Date of Award
Open Access Thesis
Communication and Media Studies
Dennis Gilbert, MFA
Daniel Panici, PhD
Rebecca Nisetich, PhD
concussion rates, contact sports, body contact alternatives, body checking, women's ice hockey
Women’s college ice hockey, according to a study released by the NCAA in 2014, has the highest rate of self-reported concussions of any collegiate sport, men’s or women’s. This is shocking, considering the fact that body checking is illegal in women's ice hockey. Why are these rates so high when there isn't body checking? This investigative research project aims to realize a novel approach at reducing concussion rates in women’s ice hockey by doing the unexpected: Allowing body checking. If body checking were allowed, this would reduce the rate of concussions if it were to be implemented and taught under proper standards and techniques. With the increasing concern for concussions in high school hockey, and the current rules and precautions in place, there is focus on girls’ high school ice hockey in Maine. Maine is the optimal place to introduce body checking into girls’ ice hockey. Researching this topic goes into uncharted depths in the body checking debate, as there is very little information that supports my these ideas, and lots of information that immediately refutes them. The research being pursued will hopefully support the notion to allow body checking in girls’ high school ice hockey, as opposed to continually disallowing it. Research participants are athletic trainers, coaches, athletic directors, and referees around the state of Maine who have worked with high school ice hockey players. This research project serves as a foundation for future research and implementation of body checking in women's ice hockey, and contains several analyses pertaining to my research within the topic.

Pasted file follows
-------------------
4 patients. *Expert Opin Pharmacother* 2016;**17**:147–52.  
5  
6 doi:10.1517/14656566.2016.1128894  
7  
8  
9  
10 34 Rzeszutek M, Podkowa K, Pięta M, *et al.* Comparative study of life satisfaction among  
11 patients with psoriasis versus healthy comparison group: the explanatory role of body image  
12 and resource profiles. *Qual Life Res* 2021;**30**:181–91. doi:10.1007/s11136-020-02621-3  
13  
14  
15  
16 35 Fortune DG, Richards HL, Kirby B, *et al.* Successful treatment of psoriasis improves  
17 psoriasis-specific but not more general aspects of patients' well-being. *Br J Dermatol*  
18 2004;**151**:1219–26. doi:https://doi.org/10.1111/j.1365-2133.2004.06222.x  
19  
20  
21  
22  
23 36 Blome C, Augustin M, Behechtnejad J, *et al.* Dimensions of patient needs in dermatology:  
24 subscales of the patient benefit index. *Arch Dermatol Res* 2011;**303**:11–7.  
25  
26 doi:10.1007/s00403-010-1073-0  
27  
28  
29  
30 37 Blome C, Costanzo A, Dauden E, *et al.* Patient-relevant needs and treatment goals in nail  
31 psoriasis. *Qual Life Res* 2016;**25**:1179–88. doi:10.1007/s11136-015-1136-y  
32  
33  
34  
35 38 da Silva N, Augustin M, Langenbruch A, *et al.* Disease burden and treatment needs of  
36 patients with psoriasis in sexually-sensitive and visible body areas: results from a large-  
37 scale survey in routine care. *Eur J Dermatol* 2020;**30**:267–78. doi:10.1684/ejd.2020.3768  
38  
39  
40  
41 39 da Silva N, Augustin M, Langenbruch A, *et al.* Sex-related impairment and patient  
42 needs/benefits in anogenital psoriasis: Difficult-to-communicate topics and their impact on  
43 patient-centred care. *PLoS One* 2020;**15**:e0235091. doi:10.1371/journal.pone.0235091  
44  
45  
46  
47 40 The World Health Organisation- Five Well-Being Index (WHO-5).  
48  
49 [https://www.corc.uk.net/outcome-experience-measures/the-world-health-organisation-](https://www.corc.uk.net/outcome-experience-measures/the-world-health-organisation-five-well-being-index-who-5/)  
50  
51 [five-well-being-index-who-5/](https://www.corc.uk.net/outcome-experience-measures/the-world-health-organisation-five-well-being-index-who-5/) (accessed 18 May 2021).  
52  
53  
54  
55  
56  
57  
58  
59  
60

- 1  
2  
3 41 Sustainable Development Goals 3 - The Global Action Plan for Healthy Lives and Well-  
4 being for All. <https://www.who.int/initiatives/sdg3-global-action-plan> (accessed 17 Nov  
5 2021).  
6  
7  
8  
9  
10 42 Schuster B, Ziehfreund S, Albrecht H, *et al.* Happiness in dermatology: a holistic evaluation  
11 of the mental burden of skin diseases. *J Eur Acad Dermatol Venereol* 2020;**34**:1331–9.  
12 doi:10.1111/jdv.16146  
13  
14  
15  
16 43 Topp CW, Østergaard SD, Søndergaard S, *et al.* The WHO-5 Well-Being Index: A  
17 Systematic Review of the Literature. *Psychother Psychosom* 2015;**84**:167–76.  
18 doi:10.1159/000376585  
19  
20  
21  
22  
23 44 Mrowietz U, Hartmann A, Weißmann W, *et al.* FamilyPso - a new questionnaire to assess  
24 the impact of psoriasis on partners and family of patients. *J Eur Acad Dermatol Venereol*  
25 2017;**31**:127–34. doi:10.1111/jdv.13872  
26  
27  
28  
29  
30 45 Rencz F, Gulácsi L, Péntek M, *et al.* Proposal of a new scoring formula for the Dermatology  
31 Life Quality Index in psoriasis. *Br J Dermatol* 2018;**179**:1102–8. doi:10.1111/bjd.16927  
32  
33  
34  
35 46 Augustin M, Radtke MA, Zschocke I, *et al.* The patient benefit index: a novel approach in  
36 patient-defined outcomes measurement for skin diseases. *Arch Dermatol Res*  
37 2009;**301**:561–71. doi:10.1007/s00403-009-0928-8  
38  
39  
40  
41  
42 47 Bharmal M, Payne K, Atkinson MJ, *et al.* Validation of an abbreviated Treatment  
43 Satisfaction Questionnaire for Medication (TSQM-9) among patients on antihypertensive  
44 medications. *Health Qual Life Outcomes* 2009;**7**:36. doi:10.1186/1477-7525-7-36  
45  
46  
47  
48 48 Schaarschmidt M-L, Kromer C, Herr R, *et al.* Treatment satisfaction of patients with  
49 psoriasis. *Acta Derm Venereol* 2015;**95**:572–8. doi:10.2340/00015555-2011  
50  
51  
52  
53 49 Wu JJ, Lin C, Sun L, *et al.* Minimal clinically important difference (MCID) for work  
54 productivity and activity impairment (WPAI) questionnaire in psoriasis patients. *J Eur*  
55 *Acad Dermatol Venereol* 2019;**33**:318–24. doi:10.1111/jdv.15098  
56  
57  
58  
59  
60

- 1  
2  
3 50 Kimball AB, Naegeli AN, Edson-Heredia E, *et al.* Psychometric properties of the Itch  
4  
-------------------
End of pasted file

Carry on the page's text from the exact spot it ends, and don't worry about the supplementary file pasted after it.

Germond, Griffin, "Checking In, Concussions Out: Body checking as a way of reducing concussion rates" (2019). All Theses & Dissertations. 375.